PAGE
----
Updated August 1, 2019
Why You Need to Include Promoted Pins in Your Pinterest Marketing Strategy in 2019
If your business has been leveraging Pinterest marketing since it’s fruition you’ve most likely grown your traffic organically. But guess what? That is all about to change. As a Pinterest Management Services expert I can suspect that since Pinterest is now a publicly traded company that they will tighten up their algorithm to limit organic reach and make it harder to rank high using free organic means. Pinterest will have no choice because they in it to make money now. They have to please their investors. They want to drive their stock price up. This is how all the insiders will cash out. You get this right?
What that means to you is you will have to invest in Pinterest ads (Promoted Pins). It is no longer an option. It must be part of your Pinterest marketing strategy in 2019 and beyond.
Retail Brands Can See 2x Higher Returns on Pinterest Than Other Digital Channels
Neustar found that because people come to Pinterest to seek inspiration early in their shopping journey, Pinterest has a lasting impact on their final purchase decision.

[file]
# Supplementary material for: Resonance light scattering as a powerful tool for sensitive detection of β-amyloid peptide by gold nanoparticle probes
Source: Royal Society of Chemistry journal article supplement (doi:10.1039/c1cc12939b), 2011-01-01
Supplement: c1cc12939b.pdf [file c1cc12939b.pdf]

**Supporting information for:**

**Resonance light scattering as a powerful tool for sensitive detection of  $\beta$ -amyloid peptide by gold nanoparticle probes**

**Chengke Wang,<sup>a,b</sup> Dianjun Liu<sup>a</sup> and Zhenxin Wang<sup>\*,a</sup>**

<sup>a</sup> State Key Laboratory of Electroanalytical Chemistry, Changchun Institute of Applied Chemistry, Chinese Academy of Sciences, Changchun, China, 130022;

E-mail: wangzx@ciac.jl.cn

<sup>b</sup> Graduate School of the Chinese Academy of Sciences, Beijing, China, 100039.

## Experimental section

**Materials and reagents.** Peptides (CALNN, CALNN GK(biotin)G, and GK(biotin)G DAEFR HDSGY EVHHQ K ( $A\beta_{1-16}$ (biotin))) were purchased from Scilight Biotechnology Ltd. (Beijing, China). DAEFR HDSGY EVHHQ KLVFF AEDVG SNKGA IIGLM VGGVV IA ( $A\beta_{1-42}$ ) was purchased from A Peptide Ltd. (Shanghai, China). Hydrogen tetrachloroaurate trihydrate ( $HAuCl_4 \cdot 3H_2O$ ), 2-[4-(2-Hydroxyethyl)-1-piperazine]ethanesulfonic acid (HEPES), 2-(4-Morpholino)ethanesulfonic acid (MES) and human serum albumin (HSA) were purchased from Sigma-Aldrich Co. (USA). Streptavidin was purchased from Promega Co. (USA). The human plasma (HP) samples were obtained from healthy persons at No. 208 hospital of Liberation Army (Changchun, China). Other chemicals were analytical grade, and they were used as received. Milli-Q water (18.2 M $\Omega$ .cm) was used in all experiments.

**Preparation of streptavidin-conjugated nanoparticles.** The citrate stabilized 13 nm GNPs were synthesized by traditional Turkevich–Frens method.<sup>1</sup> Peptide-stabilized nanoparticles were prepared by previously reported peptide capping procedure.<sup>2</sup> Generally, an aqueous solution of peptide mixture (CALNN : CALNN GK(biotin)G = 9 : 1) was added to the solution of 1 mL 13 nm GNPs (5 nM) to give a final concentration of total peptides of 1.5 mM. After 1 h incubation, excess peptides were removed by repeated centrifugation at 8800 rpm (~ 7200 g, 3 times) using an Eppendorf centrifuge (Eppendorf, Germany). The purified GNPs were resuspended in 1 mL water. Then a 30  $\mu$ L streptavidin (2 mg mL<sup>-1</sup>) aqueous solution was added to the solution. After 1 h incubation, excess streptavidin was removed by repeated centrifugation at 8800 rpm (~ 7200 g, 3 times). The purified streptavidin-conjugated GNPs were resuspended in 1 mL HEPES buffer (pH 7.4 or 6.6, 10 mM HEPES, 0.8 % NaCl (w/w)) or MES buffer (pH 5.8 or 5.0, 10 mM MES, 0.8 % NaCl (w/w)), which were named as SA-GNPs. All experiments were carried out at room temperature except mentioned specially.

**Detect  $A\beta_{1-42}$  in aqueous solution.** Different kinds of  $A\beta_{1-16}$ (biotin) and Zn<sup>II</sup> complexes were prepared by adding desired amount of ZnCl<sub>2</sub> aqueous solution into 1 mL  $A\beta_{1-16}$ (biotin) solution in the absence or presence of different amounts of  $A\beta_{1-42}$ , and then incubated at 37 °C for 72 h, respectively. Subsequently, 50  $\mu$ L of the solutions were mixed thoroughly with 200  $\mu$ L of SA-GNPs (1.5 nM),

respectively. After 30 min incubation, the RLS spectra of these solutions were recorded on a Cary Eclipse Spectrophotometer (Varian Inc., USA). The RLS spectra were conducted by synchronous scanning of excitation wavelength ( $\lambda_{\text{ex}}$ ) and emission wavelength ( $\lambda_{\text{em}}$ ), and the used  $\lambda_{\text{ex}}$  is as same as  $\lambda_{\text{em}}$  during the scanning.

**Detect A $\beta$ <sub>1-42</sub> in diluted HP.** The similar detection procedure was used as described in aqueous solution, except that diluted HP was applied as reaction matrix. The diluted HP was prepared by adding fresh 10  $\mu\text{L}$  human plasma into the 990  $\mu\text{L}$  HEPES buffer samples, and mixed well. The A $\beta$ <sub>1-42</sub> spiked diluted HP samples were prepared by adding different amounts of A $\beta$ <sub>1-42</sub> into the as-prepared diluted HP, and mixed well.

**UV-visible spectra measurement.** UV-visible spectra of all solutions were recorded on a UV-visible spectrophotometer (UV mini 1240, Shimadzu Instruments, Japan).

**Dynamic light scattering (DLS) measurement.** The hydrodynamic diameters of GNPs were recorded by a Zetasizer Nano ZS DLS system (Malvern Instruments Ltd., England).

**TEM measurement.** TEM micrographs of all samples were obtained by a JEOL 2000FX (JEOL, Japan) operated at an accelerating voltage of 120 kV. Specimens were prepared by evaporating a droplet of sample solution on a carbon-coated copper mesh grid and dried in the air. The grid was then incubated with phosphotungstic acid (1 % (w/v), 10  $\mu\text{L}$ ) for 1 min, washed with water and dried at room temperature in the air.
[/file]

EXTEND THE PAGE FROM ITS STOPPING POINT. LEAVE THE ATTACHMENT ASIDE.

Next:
This has big implications for measuring Pinterest performance. When Neustar ran a last click model, the model underreported revenue from Pinterest ads by 48%. The takeaway? Because people use Pinterest so early in their shopping journey, marketers need to adjust their attribution windows to give people time to make a purchase before declaring a return on ad spend.
According to John Sheldon, Chief Marketing Officer of SmileDirectClub, “Pinterest helps us reach customers early—up to 18 months before they make a purchase. Using a combination of our multi-touch attribution and our media mix modeling, we have been able to prove that it is actually one of the most efficient spends that we have in terms of bringing people to the brand that are incremental and that we would not have had otherwise.”
Advertising on Pinterest Gives Your Brand Instant Visibility
This is especially important to those who are just starting out on Pinterest. Competition is becoming more and more fierce. Investing in ads is like saying to Pinterest “I’ll pay you if you put my products/content in front of my target audience right now”.
If you don’t invest in Promoted Pins you have to let your content bake for some unknown amount of time so that it shows up high on Pinterest’s search engine (Assuming you optimized your content correctly). Bottom line, pay to get found right away or don’t pay and hope and pray your content will rank high in search eventually. (Unless you use an expert service like ours).